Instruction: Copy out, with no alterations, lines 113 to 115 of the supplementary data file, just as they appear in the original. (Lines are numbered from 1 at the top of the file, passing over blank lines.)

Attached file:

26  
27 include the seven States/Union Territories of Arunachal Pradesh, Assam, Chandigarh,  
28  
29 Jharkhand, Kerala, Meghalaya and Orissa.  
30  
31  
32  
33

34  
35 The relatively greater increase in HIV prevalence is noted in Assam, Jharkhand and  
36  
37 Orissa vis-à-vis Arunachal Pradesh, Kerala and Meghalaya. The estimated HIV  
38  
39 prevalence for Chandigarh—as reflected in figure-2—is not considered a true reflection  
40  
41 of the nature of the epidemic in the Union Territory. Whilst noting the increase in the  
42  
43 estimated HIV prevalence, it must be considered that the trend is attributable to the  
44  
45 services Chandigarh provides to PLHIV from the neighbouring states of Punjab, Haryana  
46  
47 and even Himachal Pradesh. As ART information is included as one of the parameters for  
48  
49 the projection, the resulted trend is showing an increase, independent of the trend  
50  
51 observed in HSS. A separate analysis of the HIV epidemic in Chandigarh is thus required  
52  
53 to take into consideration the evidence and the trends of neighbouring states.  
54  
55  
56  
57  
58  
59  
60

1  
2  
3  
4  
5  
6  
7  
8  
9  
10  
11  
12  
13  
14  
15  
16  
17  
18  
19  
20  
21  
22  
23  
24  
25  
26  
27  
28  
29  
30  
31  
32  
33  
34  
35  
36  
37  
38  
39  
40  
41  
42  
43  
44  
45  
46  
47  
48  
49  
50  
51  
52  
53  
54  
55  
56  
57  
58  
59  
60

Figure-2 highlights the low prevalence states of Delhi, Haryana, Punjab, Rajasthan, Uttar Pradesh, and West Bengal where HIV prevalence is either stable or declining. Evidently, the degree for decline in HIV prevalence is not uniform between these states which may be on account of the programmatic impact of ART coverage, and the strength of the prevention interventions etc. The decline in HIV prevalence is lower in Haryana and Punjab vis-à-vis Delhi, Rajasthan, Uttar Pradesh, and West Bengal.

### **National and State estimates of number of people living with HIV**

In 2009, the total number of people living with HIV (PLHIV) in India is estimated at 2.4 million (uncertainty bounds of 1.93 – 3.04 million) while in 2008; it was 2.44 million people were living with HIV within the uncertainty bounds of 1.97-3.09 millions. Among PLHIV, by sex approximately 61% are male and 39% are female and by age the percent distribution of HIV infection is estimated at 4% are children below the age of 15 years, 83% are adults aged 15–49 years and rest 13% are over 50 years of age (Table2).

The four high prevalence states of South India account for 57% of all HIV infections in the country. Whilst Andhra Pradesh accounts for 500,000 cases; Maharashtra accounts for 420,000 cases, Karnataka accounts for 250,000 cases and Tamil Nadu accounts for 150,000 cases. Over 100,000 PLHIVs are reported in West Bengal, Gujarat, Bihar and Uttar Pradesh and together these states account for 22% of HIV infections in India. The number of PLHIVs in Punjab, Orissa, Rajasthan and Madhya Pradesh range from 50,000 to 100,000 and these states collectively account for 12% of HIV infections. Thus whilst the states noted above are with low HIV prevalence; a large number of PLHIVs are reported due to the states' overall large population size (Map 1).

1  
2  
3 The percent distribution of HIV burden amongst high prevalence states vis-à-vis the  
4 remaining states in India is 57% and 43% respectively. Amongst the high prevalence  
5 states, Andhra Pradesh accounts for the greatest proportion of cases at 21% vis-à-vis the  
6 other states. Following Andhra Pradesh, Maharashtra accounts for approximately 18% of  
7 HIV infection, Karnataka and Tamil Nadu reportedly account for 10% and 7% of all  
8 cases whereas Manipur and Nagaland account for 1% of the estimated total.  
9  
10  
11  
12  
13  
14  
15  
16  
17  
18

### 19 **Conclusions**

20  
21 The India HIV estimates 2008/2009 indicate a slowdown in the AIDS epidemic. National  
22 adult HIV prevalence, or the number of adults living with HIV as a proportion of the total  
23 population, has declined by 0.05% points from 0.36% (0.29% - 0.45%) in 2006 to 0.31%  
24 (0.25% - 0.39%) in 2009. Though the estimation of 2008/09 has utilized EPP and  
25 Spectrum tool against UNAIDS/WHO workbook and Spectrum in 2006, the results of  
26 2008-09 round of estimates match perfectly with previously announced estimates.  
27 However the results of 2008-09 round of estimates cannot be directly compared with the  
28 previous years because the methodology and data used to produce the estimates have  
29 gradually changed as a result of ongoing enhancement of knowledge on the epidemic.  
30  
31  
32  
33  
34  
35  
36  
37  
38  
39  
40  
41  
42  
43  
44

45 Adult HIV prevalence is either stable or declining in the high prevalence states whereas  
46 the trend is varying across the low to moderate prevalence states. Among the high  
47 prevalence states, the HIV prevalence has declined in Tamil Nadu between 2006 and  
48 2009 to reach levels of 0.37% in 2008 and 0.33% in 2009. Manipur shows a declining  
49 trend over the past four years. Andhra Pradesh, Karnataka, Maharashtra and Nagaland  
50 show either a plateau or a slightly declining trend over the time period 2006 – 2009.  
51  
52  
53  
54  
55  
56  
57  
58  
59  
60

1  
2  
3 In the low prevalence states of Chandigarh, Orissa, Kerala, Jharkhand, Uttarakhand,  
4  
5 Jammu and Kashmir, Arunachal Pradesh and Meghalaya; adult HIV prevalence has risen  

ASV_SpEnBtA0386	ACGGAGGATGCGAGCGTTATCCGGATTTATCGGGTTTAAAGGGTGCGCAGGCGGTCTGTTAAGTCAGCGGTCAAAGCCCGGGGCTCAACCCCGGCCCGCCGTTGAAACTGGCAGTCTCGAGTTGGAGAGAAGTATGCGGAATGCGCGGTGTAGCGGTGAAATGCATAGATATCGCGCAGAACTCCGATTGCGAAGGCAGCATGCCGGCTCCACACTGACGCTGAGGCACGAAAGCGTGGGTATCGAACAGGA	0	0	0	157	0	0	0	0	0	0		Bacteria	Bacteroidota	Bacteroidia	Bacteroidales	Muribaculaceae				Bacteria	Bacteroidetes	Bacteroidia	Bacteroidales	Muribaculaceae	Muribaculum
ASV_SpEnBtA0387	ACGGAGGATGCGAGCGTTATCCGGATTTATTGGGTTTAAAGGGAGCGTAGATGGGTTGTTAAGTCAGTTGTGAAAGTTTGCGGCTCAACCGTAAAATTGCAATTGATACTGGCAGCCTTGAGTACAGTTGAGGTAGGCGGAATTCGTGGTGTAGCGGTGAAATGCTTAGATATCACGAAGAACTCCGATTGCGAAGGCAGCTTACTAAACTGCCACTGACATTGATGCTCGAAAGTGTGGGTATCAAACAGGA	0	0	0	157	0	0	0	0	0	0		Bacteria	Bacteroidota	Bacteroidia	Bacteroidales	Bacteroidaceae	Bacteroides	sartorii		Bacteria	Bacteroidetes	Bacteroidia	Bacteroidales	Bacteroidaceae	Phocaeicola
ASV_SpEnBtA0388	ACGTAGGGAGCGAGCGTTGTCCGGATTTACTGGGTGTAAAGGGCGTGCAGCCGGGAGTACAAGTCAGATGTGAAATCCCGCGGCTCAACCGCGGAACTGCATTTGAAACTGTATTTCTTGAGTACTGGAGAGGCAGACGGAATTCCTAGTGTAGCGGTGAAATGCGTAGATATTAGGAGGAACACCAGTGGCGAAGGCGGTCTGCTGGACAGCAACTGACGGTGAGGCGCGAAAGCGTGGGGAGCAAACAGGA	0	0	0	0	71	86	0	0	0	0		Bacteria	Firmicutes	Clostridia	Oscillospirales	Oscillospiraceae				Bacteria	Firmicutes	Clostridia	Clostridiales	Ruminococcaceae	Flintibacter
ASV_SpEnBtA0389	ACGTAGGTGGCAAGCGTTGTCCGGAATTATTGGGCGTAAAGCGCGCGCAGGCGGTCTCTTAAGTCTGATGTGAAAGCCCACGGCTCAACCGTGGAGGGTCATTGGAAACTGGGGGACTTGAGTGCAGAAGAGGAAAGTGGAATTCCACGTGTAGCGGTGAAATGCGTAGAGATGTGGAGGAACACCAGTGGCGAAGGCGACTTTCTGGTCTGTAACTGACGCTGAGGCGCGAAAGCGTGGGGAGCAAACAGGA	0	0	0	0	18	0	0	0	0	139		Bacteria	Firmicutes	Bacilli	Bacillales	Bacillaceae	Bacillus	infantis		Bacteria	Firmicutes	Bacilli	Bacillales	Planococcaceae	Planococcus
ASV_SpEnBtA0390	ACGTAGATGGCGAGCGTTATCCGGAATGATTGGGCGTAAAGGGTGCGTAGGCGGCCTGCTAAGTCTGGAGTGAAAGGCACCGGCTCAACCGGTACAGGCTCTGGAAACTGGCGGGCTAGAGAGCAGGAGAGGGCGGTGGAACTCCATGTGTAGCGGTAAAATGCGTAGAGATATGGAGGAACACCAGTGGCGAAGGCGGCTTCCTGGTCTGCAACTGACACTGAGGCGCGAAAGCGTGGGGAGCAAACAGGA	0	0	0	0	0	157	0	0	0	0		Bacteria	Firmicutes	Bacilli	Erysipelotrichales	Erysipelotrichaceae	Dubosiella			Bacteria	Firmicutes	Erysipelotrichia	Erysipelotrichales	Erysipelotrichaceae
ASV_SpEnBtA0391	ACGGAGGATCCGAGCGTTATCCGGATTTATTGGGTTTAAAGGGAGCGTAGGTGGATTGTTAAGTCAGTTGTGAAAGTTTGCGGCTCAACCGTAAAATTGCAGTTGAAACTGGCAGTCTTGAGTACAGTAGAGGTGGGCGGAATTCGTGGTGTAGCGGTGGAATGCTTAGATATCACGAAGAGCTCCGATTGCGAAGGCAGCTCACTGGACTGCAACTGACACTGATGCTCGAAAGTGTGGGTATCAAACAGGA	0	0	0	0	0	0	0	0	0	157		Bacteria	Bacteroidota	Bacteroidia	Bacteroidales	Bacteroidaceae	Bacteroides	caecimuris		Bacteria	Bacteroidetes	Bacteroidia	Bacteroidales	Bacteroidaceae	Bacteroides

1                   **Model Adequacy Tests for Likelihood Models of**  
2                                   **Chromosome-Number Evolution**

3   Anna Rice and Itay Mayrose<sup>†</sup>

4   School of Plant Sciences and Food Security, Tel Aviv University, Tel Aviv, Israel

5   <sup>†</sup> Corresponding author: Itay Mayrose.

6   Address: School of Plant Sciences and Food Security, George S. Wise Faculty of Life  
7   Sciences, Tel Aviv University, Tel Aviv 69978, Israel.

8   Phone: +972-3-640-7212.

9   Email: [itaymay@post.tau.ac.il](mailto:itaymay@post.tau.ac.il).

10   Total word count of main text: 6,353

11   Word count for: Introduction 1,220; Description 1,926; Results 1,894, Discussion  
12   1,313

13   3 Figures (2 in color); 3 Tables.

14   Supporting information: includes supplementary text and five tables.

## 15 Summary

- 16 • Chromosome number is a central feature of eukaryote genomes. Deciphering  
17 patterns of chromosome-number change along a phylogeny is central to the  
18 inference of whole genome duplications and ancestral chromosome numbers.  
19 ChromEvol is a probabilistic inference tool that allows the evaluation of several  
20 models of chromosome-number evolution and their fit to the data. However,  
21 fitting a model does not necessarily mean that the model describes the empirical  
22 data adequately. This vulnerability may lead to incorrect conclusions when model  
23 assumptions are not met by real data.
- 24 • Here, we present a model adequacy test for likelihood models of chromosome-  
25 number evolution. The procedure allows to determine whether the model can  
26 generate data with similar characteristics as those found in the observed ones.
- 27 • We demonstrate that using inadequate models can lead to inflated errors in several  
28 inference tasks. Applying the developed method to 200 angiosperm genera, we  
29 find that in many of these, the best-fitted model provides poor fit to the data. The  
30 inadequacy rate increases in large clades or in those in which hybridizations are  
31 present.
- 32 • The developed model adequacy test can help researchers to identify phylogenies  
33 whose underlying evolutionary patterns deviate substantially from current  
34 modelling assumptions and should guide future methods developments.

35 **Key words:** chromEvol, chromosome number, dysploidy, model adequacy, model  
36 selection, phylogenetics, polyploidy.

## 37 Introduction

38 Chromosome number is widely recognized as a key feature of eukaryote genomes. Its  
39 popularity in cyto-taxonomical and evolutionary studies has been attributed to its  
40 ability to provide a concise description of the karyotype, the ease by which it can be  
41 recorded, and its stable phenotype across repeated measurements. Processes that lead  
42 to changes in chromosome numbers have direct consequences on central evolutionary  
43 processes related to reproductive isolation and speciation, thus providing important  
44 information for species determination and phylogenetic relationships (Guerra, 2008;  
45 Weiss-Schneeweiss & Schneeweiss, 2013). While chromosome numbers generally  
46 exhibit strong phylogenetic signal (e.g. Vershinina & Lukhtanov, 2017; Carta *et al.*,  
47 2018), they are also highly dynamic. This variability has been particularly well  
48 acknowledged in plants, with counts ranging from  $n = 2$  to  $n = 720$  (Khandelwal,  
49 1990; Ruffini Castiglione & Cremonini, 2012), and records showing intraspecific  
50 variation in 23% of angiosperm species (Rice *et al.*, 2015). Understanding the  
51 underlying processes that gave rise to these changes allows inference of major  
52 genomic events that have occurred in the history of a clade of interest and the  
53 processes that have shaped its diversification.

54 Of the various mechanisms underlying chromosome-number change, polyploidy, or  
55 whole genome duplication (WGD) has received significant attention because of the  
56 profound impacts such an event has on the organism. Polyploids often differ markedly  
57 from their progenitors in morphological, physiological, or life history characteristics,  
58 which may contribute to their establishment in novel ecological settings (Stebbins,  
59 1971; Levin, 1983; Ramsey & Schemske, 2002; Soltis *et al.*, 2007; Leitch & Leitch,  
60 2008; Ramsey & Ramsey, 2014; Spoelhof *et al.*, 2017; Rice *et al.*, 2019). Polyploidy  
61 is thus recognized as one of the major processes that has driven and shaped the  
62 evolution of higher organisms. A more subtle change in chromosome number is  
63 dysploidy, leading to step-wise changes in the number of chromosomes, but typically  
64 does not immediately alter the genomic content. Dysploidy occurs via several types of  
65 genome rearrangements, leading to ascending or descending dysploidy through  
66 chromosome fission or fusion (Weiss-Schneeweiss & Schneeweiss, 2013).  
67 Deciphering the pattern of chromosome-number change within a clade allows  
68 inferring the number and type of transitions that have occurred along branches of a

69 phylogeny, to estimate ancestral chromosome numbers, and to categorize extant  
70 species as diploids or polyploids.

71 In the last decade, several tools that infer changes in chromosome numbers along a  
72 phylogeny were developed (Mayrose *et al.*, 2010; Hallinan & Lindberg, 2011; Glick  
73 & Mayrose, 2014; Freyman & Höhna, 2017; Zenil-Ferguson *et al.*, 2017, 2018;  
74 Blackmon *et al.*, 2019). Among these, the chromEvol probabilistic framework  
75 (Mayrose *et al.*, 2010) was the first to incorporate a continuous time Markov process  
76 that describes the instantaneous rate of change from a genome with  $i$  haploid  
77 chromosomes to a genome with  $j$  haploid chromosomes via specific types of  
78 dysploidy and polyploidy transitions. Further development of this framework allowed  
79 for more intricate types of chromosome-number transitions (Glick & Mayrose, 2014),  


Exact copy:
14  
15  
16  